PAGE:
Cost cube / Kostenwürfel
If we want to analyse the management’s responsibility for costs and revenues and prepare the necessary information for taking cost-related decisions, we first must present the different cost aspects in the clearest possible way, showing how they are inter-linked, and second make consistent use of clearly defined concepts. The cost cube is not a new theory but rather a model for explaining cost behaviour, which has proven itself very useful in practice. It presents the cost aspects in three dimensions:
- Product costs / structure costs (vertical axis of the cube):
For the purposes of decision accounting it is important to differentiate between costs caused by the nature of the products on one hand – and costs caused by the structure of the business on the other hand. Product costs (proportional costs) are the direct and causal consequence of producing a product-item or a service.
In contrast structure costs are defined by a business’s capacity and organisational structure. These are costs, in other words, that are not directly dependent on output but are determined by decisions over the business’s capability to produce goods and services. These structure costs express the necessary effort to ensure that goods and services can be produced at all.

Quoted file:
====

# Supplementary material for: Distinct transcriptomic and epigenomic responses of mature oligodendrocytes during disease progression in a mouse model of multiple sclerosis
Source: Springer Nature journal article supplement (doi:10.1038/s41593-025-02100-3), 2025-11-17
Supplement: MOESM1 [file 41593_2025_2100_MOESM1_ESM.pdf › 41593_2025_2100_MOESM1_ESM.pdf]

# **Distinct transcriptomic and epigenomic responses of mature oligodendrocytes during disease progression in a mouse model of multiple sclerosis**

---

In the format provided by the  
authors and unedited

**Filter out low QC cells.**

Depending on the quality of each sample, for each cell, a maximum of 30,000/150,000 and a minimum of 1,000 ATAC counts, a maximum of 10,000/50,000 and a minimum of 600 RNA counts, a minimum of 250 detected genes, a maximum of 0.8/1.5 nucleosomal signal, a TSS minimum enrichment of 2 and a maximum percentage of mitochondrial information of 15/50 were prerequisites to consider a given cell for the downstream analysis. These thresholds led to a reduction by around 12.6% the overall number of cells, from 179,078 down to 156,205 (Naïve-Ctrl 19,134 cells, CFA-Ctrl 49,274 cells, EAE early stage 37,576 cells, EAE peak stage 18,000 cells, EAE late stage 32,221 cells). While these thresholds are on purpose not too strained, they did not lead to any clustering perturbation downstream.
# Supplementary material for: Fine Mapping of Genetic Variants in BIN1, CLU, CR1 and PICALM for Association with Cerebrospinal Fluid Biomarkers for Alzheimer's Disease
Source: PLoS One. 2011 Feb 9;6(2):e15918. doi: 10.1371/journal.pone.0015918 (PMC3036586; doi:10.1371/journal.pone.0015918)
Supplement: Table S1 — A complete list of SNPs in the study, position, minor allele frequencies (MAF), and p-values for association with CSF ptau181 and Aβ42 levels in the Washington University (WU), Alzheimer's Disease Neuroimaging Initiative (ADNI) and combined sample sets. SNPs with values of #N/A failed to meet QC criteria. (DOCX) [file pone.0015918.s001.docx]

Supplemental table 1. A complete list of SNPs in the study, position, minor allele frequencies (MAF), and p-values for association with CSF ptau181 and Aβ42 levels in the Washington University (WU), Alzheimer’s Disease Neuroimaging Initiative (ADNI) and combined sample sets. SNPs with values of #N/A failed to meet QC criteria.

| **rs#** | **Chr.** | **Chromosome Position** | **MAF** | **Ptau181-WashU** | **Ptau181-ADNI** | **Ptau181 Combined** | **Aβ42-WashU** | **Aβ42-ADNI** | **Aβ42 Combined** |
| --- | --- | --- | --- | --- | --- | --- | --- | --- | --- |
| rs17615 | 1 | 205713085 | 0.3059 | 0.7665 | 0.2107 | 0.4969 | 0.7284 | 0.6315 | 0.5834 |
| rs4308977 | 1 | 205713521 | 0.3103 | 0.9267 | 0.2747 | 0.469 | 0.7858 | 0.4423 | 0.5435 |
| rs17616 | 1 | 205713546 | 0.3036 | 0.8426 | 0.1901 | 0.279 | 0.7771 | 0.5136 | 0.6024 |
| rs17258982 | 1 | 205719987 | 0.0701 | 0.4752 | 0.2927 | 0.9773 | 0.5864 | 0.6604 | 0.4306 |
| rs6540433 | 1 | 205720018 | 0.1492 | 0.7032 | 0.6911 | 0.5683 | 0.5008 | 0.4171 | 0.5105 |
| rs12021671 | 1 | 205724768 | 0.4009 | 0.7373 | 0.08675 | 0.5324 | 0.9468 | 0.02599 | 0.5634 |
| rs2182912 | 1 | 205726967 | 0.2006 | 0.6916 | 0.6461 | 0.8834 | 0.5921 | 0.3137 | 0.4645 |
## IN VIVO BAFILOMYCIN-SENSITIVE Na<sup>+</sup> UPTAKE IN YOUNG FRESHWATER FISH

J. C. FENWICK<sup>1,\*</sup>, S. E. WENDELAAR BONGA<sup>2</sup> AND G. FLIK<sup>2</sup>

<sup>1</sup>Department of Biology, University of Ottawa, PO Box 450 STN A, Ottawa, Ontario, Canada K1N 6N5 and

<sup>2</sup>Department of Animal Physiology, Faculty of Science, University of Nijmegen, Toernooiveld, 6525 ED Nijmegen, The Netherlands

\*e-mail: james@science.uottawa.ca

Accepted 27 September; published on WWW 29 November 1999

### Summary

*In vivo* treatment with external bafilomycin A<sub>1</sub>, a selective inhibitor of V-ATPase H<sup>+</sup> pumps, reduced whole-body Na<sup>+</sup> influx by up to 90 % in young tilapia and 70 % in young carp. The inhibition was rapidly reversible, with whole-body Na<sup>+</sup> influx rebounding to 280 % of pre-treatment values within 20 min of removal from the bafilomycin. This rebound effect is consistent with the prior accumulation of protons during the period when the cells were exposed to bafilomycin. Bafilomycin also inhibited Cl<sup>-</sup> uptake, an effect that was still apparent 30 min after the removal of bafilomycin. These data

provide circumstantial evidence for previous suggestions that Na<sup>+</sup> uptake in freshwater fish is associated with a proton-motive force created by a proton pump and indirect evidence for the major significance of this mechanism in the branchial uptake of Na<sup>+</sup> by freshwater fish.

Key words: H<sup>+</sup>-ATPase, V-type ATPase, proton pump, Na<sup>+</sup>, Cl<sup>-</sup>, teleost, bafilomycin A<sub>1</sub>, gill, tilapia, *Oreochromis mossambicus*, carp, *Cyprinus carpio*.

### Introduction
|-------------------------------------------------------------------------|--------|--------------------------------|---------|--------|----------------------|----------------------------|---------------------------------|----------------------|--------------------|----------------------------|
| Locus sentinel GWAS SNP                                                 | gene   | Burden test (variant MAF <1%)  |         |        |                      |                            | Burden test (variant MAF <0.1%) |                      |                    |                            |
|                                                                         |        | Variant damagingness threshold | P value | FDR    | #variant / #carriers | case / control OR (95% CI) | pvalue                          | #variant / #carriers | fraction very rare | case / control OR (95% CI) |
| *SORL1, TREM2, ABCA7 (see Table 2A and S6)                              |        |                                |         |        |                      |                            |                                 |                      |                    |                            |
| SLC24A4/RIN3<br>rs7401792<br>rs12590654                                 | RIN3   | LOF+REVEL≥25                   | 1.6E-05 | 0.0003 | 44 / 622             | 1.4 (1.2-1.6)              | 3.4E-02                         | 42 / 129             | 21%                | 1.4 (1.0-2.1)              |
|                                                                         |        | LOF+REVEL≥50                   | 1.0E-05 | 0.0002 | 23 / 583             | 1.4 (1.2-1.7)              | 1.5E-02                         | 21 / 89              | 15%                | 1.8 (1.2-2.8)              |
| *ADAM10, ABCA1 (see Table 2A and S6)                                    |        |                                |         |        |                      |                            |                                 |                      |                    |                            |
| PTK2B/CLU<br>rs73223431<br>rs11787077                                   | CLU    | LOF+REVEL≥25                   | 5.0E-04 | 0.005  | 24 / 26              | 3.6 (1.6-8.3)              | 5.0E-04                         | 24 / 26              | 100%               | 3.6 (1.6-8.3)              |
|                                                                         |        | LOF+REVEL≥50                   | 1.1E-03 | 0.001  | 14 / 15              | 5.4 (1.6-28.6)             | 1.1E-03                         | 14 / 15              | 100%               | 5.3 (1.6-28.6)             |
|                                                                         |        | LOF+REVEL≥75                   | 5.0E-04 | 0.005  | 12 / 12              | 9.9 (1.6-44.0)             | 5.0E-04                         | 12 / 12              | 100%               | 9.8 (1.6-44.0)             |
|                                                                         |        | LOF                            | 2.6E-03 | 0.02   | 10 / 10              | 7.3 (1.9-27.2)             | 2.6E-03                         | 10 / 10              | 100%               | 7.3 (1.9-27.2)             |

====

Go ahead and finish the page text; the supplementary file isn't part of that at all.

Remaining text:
- Controllability in the short or middle term (horizontal axis of the cube):
“Who has the competence to influence costs as they arise and in what time-frame can the costs be changed?” These are the questions asked by responsibility accounting. This dimension shows, which cost amounts can be altered in what time-frame.
- Direct and indirect costs (third dimension in the cube):
Whether it is a matter of direct or indirect costs depends on the object in question. The salary of the employee in the accounts receivable department (structure costs, controllable in the middle term) belongs to the direct costs of the accounting cost center, but to the indirect overhead costs of products. Material costs for highly refined parts (product costs, controllable in the long term, because only one supplier is available) are direct costs of the manufactured product.
The same three-dimensional way of thinking applies to the costs dependent on revenue. Commissions, deductions from revenue, freight charges, those parts of the distribution costs dependent on orders etc. – All these costs are no longer depend on the volume produced but on sales-mix, sales volume and revenue, which means they need to be represented by a detached cube.